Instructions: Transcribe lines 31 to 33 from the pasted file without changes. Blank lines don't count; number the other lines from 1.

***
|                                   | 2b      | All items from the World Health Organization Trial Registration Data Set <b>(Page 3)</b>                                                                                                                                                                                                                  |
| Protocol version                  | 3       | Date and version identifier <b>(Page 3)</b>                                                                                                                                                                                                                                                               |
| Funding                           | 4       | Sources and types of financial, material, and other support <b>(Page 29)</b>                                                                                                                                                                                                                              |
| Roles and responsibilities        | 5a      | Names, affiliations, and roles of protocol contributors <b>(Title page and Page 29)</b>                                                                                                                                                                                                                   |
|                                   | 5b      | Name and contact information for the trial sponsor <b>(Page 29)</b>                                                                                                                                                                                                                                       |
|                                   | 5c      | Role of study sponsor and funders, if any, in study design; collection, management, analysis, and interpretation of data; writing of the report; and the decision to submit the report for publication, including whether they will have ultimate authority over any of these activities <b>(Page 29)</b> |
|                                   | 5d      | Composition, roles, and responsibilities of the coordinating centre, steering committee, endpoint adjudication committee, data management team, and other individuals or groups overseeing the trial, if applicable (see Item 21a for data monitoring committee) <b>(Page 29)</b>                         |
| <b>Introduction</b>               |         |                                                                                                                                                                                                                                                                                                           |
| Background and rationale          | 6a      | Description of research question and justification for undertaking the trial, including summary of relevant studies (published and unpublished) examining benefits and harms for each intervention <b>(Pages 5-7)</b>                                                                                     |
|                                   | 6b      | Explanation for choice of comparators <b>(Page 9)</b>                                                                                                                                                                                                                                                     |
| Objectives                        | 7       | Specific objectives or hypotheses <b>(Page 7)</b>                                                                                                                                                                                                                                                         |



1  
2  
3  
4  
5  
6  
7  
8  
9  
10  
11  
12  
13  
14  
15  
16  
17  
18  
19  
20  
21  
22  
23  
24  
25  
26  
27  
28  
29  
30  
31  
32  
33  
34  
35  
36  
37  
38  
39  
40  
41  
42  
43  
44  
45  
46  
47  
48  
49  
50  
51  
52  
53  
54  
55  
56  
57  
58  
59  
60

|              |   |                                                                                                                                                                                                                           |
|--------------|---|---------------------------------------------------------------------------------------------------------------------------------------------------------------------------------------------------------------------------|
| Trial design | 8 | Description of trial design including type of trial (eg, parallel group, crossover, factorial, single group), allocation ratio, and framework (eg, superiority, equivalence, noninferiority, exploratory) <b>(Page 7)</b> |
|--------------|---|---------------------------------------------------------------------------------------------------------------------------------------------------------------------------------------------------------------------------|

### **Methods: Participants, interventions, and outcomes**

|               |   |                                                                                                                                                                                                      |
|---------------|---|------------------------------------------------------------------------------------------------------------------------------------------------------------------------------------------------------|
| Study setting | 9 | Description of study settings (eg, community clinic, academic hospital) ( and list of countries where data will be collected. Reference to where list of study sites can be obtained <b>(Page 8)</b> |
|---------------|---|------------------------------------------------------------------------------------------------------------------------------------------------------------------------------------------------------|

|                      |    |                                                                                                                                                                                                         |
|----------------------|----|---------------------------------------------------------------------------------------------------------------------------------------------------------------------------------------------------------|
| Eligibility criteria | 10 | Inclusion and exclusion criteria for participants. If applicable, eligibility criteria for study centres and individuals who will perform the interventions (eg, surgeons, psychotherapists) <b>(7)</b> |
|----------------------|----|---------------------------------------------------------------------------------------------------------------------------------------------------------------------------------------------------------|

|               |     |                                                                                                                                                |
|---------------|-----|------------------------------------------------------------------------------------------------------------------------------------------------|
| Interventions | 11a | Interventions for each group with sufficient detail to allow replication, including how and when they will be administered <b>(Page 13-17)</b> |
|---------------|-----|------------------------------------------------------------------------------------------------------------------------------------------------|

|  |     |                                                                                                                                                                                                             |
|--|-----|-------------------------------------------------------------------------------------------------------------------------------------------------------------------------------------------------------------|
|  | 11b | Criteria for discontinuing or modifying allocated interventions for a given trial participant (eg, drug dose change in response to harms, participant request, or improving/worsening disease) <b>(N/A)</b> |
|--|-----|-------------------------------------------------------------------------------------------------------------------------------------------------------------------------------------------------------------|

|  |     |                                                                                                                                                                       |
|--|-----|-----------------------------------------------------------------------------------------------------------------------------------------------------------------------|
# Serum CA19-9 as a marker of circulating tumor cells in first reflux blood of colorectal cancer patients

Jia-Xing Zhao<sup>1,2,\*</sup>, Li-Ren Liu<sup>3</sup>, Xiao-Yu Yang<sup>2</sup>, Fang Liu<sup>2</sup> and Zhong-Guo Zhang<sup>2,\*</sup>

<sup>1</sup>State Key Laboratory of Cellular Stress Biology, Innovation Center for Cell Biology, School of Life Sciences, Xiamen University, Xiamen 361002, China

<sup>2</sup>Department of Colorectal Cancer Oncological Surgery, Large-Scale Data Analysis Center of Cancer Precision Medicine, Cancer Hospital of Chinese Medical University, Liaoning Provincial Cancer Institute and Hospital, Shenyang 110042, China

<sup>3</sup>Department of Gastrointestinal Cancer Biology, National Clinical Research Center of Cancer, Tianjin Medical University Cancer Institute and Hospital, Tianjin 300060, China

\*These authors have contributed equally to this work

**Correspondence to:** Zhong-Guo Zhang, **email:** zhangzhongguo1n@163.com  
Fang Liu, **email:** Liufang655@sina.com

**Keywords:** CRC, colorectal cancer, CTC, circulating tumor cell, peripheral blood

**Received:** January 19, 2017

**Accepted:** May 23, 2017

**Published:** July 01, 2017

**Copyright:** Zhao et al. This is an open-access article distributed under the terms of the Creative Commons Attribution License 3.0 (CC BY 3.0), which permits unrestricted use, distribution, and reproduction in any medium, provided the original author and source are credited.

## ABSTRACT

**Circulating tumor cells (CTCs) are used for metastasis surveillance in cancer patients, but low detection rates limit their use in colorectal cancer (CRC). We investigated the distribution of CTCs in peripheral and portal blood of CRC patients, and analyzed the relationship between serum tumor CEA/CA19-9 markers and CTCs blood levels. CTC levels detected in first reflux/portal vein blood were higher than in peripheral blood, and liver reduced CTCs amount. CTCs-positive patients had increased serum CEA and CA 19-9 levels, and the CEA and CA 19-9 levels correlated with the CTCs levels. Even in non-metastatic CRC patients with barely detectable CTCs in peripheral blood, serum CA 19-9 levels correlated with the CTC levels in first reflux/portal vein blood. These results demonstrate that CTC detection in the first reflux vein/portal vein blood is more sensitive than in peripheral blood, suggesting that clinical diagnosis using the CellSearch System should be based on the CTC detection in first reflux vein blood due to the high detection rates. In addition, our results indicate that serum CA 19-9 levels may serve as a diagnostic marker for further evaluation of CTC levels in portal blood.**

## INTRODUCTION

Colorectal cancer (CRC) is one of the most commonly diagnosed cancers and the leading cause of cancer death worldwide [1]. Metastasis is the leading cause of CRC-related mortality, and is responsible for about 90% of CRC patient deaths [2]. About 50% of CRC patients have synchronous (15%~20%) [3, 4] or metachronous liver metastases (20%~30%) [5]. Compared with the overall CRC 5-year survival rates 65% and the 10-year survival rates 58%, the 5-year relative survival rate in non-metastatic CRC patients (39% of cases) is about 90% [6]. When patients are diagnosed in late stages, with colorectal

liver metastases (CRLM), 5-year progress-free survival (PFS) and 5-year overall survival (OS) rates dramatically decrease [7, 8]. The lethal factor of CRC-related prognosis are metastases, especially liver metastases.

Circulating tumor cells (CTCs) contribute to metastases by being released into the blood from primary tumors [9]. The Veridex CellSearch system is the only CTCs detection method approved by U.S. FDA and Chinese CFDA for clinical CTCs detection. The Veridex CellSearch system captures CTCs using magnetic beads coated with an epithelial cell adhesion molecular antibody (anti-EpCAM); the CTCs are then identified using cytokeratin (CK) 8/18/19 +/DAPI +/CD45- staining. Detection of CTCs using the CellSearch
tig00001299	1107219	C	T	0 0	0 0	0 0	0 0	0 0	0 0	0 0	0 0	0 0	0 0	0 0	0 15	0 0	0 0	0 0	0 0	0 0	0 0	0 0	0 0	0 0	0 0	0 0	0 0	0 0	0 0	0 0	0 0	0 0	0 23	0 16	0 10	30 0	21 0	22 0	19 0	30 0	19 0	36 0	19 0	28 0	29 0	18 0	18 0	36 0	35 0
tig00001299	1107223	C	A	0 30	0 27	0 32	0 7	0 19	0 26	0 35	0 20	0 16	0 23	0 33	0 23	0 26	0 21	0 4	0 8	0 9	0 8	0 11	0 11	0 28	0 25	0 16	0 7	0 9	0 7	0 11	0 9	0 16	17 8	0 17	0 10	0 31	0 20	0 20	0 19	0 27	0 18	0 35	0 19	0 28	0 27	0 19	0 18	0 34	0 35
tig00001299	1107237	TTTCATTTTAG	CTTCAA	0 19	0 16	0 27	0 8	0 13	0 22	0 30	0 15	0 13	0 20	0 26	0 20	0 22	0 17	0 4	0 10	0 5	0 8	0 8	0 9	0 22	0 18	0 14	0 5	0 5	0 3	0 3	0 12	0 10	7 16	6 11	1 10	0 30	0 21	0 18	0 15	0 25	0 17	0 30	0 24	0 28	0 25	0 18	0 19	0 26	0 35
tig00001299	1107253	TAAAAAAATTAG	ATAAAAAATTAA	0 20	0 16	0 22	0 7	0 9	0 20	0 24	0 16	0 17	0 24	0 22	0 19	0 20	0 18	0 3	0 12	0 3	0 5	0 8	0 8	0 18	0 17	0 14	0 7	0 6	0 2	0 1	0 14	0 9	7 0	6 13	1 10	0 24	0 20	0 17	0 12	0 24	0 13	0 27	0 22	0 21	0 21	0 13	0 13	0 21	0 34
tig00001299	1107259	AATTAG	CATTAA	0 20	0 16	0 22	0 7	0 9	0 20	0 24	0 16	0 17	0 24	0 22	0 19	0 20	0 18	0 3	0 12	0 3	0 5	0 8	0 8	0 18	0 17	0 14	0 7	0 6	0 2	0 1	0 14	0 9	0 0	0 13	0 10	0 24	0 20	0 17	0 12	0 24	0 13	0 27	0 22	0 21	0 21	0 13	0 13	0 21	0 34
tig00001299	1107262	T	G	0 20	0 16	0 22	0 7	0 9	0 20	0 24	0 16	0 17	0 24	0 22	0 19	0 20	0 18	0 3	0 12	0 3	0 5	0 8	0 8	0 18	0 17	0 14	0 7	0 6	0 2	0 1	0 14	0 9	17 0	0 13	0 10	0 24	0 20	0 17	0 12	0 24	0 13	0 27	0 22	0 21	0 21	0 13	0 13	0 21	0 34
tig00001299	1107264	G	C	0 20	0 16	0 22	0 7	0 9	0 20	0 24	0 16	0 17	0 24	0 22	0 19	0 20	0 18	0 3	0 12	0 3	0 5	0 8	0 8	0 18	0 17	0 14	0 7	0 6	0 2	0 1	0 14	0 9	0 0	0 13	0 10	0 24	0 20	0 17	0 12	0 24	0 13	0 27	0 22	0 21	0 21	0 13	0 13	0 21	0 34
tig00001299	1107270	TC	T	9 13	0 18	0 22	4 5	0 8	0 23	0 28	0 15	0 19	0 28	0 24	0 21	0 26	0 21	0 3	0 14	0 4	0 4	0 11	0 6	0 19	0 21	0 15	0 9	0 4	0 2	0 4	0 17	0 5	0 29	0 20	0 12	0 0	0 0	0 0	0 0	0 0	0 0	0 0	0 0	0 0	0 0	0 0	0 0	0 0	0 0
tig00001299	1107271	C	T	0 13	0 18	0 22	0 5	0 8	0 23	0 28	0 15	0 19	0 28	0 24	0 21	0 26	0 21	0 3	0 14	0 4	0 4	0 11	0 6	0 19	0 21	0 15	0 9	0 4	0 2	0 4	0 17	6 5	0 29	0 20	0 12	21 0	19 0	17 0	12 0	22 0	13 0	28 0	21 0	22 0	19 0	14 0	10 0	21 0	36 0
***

20  
21  
22  